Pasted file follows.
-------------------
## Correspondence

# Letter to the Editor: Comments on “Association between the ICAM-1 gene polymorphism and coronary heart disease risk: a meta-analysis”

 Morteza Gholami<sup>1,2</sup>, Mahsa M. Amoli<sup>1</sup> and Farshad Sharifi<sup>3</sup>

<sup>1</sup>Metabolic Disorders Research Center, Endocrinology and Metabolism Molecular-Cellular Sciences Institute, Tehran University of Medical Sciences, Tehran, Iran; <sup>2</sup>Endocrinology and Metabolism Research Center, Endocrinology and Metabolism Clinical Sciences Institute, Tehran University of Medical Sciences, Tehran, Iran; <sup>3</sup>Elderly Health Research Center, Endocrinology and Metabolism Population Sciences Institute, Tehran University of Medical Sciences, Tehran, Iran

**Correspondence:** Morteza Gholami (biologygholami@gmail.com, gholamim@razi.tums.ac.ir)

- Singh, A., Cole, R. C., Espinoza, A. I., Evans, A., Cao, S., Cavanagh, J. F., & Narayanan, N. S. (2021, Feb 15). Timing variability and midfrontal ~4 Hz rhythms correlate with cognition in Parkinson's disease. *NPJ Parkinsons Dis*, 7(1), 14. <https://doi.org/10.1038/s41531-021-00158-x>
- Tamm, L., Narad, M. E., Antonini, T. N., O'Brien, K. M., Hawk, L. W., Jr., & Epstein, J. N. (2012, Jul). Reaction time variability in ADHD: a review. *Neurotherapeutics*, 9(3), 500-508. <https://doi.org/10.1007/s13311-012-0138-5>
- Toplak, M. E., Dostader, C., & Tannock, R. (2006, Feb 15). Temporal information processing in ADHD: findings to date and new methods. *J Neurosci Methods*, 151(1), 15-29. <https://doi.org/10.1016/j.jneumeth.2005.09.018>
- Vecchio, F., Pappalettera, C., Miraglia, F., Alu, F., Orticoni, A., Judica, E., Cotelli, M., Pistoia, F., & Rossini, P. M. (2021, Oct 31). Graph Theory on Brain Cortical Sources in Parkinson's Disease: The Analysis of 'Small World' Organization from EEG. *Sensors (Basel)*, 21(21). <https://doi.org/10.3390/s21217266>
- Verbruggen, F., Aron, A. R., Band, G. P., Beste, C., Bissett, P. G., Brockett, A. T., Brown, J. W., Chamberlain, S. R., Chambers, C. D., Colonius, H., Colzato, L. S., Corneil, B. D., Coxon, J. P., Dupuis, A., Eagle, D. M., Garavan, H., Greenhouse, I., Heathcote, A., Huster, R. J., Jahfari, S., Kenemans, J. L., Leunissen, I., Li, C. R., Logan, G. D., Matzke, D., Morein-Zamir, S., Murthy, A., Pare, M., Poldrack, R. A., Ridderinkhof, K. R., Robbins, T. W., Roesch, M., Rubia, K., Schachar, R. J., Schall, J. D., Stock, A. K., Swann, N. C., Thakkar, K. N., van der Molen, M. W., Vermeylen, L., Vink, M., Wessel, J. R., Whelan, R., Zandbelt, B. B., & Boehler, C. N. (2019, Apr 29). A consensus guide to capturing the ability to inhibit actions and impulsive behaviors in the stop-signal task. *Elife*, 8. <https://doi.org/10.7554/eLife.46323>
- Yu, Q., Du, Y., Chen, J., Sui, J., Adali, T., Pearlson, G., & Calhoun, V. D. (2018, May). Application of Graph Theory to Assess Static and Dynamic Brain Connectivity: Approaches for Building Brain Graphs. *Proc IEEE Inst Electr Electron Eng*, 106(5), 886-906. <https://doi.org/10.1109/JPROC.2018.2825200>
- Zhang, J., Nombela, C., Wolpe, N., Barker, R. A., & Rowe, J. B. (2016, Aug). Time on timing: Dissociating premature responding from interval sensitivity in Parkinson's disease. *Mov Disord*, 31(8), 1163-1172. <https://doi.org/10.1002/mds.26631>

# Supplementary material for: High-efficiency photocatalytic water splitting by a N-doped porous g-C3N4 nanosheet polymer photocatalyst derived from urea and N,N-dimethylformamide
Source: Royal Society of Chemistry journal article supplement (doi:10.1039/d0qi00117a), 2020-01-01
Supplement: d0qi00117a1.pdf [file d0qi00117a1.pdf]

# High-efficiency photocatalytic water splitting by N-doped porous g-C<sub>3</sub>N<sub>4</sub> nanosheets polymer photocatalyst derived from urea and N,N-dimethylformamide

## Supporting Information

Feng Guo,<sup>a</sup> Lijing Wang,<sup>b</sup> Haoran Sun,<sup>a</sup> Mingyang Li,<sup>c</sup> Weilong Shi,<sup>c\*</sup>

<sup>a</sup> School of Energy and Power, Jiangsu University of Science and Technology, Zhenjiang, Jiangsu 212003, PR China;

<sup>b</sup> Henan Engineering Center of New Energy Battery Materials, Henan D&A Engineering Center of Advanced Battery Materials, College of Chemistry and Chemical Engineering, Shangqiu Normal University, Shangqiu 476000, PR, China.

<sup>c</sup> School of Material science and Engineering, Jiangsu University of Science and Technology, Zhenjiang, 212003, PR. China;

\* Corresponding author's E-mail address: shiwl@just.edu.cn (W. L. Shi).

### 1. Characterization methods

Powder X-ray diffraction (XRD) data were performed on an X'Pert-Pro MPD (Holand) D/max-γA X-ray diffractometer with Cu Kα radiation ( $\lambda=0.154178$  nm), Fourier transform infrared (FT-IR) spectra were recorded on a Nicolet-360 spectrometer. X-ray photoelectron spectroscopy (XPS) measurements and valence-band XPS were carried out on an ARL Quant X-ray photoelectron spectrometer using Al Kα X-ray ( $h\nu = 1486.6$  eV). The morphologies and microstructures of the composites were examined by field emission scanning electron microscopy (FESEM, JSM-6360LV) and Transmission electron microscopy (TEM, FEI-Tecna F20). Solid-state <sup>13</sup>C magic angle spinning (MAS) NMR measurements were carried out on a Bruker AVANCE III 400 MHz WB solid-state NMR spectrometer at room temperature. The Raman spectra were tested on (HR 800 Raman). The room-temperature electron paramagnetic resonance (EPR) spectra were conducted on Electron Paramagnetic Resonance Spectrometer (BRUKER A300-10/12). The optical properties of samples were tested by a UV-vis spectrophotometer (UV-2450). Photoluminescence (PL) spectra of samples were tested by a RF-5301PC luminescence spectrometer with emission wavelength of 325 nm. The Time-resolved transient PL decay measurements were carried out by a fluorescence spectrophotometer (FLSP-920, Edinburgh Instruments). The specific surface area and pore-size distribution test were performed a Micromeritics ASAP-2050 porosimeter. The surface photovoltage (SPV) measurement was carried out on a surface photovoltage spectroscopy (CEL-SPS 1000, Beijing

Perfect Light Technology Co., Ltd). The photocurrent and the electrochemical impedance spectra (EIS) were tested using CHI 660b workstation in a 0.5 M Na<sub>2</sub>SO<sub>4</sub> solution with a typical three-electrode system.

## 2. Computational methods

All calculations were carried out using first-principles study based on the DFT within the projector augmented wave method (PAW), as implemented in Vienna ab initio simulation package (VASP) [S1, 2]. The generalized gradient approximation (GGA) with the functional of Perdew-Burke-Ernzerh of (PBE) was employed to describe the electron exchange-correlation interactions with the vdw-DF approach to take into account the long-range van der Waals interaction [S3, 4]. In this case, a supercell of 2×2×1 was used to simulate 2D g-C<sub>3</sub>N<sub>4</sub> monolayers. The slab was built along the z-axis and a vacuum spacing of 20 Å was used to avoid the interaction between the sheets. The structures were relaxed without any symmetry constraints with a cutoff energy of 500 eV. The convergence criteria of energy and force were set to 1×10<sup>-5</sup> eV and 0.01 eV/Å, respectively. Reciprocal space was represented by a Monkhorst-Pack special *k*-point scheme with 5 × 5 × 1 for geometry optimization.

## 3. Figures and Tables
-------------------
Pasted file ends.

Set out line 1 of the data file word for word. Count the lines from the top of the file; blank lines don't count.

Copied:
## Correspondence